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Amen Dunes – Death Jokes (Sub Pop)

I do love unpredictability in music. Damon McMahon, aka Amen Dunes, fits the bill perfectly on that count. You think this is going to be a continuation of the poppy rock that ran through his last album, 2018’s Freedom? Think again. With this one, McMahon has chosen to immerse himself in the music of his youth, at raves and nightclubs. Don’t let that mislead you though – a euphoric, bare chested hands in the air love-in it is not.

In fact, despite the apparent roots that Death Jokes is steeped in, there are, instead, a number of distinctly ‘not rave’ artists with whom the record can be compared, as wide ranging as Villagers, The Felice Brothers and even perhaps John Otway (on ‘Mary Anne‘, which, to some degree, put me in mind of the non-orchestral acoustic version of ‘Geneve’).

It kicks off with the title track, gentle piano jazz accompanied by a barely distinguishable American comedian complete with canned laughter. It seems rather like this is where we are meant to take the drugs, our senses getting discombobulated, with the effects of the pharmaceuticals starting to take effect. ‘Ian‘ then comes in like something off a Velvet Underground album and the one minute interlude of ‘Joyrider‘ drags us into the nightclub toilets, the throbbing bass from the room next door barely discernible. Then ‘What I Want‘ is as though Ian Felice has joined the party, the vocals here very much reflecting the early work of his former band.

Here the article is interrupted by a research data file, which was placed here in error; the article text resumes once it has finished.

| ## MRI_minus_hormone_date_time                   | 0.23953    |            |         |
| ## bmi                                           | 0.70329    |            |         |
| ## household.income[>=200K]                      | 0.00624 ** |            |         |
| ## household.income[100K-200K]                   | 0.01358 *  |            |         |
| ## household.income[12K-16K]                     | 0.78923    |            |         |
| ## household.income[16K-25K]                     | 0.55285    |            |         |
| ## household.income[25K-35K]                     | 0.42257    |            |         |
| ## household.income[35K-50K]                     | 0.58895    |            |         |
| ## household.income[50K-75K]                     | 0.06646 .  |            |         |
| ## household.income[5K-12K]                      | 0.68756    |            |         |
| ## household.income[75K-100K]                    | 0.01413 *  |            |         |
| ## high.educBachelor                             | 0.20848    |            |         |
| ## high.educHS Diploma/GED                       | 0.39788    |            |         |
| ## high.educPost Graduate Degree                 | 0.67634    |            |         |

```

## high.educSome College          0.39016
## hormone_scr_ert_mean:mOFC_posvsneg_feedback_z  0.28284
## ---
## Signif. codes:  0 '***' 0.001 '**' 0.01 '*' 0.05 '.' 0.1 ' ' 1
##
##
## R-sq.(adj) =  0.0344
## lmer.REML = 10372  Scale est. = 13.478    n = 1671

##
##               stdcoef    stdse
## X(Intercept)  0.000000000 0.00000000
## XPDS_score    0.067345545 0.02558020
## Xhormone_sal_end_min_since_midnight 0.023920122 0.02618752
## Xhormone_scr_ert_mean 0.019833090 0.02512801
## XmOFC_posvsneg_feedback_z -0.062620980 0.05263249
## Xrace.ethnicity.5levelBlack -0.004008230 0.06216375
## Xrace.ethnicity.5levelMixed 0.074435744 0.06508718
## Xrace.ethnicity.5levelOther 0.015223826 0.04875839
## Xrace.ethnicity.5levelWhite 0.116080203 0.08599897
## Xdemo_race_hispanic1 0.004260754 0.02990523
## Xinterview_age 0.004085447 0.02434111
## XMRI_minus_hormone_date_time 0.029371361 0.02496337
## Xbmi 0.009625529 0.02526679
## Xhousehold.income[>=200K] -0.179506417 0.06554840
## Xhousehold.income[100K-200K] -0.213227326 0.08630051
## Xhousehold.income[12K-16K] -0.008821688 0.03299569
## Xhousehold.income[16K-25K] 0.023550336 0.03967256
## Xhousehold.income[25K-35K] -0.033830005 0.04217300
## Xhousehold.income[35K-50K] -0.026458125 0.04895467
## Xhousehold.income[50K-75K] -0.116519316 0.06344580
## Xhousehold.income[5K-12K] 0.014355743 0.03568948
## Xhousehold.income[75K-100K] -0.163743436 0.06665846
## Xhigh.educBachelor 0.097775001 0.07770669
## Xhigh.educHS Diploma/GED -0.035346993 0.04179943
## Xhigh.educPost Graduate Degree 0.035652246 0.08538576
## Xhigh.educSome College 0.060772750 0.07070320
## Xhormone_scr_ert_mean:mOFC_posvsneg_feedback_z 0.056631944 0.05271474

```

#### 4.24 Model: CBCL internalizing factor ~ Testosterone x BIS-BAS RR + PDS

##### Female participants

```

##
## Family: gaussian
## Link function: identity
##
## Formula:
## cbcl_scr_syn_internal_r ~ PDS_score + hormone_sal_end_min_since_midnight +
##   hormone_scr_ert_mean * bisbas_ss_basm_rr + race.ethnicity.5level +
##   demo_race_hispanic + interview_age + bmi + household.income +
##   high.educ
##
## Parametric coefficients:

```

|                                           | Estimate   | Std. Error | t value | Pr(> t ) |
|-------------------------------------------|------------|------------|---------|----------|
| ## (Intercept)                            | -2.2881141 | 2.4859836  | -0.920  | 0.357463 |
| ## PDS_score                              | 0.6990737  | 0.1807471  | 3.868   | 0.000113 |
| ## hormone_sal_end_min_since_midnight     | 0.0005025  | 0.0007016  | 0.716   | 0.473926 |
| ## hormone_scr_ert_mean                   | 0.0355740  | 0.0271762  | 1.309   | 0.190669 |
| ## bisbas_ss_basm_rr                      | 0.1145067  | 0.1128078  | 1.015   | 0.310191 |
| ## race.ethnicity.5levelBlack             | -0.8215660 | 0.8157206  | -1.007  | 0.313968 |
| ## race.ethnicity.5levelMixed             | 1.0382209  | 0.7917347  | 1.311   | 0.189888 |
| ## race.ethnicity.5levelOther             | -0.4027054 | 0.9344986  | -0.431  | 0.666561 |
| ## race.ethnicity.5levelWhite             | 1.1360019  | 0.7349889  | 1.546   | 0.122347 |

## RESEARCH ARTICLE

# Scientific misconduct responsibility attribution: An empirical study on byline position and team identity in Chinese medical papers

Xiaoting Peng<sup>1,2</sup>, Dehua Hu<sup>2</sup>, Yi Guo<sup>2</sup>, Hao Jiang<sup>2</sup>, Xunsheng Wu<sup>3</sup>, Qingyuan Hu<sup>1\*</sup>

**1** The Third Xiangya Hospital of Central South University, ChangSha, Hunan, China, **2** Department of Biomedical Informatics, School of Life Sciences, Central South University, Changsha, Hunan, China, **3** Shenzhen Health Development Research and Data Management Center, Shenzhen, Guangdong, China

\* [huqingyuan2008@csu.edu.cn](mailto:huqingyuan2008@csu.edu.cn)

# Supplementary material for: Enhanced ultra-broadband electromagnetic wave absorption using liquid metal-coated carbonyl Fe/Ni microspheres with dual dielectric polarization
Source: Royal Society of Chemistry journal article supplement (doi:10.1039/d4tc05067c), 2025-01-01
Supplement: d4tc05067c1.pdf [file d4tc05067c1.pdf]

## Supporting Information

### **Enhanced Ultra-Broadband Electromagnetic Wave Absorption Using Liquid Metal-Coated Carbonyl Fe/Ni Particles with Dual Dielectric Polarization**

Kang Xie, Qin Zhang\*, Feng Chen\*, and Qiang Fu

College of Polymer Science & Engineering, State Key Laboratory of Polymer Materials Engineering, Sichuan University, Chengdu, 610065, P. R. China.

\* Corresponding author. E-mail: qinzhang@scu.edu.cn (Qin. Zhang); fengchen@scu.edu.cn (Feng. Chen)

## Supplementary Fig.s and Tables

Some tracks here are surprisingly fragile and beautiful, such as the pretty little midtempo ditty that is ‘Purple Land‘, McMahon assuring that “I’ll be seeing you when all this is done / I will see you through hellfire my little love.

Inarguably the centrepiece here though is the nine and a quarter minute opus that is ‘Round The World‘, seeming to pay homage to Brian Wilson at the outset, subtle yet emphatic strings soon lifting it to another planet, so otherworldly that you wonder if this is both the peak of the ‘trip’ and its comedown all rolled into one.

It might not be as immediate as Freedom was, but it is as striking as it is sometimes confusing, and one that demands several repeat listens, as you tend to pick up subtle intricacies every time you do. The whole album is like McMahon somehow climbed inside your head and recorded your dreams. It’s freakish but strangely addictive.


God is in the TV is an online music and culture fanzine founded in Cardiff by the editor Bill Cummings in 2003. GIITTV Bill has developed the site with the aid of a team of sub-editors and writers from across Britain, covering a wide range of music from unsigned and independent artists to major releases.